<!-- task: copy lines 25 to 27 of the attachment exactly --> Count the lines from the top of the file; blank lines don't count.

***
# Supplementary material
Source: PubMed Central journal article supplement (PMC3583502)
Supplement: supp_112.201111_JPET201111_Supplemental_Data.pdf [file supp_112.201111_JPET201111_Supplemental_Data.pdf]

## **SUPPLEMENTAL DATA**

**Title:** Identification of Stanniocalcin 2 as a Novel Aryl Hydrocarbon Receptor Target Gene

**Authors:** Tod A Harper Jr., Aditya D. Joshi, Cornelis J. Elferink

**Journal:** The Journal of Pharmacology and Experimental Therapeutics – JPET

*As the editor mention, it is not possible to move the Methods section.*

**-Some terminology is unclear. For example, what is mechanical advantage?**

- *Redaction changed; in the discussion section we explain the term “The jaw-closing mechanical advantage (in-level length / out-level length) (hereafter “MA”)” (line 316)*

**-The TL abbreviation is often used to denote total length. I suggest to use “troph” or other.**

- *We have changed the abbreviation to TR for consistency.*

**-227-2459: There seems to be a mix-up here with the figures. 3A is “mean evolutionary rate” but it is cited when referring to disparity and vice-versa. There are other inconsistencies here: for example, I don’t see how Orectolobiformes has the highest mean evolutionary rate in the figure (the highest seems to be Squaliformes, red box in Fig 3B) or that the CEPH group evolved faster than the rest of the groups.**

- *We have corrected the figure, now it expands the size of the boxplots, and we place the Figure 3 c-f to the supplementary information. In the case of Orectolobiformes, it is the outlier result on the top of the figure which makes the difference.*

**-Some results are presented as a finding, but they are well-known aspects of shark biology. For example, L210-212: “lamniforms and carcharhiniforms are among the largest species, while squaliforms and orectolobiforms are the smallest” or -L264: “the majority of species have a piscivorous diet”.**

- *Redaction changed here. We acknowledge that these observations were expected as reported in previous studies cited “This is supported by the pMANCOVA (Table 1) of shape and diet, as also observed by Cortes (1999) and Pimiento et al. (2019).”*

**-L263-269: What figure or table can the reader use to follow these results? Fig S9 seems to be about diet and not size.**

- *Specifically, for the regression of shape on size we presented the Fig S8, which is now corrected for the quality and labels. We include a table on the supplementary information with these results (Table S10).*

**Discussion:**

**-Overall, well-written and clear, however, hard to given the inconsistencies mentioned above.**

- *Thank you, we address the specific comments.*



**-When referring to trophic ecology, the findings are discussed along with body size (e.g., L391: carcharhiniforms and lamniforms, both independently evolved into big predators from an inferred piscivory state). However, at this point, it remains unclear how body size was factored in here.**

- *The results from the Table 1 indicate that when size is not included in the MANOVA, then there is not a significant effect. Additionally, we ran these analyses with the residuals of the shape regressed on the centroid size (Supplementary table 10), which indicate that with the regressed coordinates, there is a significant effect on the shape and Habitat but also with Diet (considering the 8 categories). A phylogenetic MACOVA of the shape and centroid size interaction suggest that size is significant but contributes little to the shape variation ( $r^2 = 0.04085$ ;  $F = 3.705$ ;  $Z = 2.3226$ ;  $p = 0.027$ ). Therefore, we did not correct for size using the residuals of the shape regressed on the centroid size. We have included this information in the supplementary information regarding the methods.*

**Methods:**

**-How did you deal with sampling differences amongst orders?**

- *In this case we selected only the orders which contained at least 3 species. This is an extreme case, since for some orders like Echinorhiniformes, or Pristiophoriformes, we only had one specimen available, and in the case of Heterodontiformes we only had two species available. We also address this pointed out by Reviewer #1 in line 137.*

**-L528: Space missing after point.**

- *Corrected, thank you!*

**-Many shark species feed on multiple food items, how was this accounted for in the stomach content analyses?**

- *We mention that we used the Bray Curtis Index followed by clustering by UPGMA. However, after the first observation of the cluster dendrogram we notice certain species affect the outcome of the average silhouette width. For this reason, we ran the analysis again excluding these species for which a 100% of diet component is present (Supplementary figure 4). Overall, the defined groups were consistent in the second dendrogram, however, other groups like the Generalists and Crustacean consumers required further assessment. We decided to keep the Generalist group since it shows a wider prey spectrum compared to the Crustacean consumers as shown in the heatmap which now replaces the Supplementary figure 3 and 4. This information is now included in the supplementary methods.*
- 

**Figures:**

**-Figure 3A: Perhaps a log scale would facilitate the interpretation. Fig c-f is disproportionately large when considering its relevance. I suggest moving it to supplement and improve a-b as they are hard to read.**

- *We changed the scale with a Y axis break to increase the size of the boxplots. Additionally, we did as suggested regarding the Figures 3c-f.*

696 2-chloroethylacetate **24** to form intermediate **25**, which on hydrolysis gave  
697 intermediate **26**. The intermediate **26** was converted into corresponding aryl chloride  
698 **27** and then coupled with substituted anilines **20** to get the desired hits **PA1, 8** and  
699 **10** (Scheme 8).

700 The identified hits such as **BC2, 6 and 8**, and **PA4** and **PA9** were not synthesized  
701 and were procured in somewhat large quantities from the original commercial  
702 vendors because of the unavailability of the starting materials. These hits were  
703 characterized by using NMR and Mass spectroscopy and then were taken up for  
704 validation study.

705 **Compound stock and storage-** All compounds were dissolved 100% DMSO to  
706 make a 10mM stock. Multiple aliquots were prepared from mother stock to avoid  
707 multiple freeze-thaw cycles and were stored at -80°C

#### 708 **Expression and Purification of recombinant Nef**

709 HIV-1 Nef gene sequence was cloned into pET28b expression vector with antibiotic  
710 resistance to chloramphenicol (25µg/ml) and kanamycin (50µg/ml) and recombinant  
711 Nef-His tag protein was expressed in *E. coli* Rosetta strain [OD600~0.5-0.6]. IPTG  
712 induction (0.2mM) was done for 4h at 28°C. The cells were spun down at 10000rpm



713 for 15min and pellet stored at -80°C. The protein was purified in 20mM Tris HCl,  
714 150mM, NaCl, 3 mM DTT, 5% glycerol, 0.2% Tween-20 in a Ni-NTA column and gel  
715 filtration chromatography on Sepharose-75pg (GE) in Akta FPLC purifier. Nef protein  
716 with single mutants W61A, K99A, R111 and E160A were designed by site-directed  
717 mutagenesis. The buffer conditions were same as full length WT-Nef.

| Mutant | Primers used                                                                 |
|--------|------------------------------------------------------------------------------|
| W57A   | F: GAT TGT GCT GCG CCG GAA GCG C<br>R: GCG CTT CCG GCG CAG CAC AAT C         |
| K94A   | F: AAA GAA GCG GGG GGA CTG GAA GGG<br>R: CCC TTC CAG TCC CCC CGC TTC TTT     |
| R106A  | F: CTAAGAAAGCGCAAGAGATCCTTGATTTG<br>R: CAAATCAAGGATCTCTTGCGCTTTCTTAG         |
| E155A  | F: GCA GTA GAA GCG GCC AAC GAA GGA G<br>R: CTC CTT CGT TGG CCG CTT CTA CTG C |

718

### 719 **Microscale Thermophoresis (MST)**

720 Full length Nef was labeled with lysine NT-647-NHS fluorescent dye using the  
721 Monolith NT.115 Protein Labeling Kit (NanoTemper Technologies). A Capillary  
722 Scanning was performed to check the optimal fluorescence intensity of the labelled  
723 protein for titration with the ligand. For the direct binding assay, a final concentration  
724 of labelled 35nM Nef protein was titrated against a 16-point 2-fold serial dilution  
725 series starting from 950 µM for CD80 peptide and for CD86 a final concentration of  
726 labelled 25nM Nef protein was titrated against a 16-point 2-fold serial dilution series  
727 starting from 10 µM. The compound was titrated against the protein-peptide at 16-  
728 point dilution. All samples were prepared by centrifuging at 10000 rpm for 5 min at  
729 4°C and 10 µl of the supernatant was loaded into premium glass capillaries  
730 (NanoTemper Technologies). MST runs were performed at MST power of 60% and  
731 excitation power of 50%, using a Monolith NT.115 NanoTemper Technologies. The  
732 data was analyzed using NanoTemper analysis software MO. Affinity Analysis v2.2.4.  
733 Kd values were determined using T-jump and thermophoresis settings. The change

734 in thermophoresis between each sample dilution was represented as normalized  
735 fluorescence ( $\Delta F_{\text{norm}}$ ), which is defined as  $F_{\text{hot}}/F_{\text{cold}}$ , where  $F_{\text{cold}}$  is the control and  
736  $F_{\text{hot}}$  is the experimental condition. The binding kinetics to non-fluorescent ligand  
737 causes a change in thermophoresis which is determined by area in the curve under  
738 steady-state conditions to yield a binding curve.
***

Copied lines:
**-How did you deal with sampling differences amongst orders?**

- *In this case we selected only the orders which contained at least 3 species. This is an extreme case, since for some orders like Echinorhiniformes, or Pristiophoriformes, we only had one specimen available, and in the case of Heterodontiformes we only had two species available. We also address this pointed out by Reviewer #1 in line 137.*

**-L528: Space missing after point.**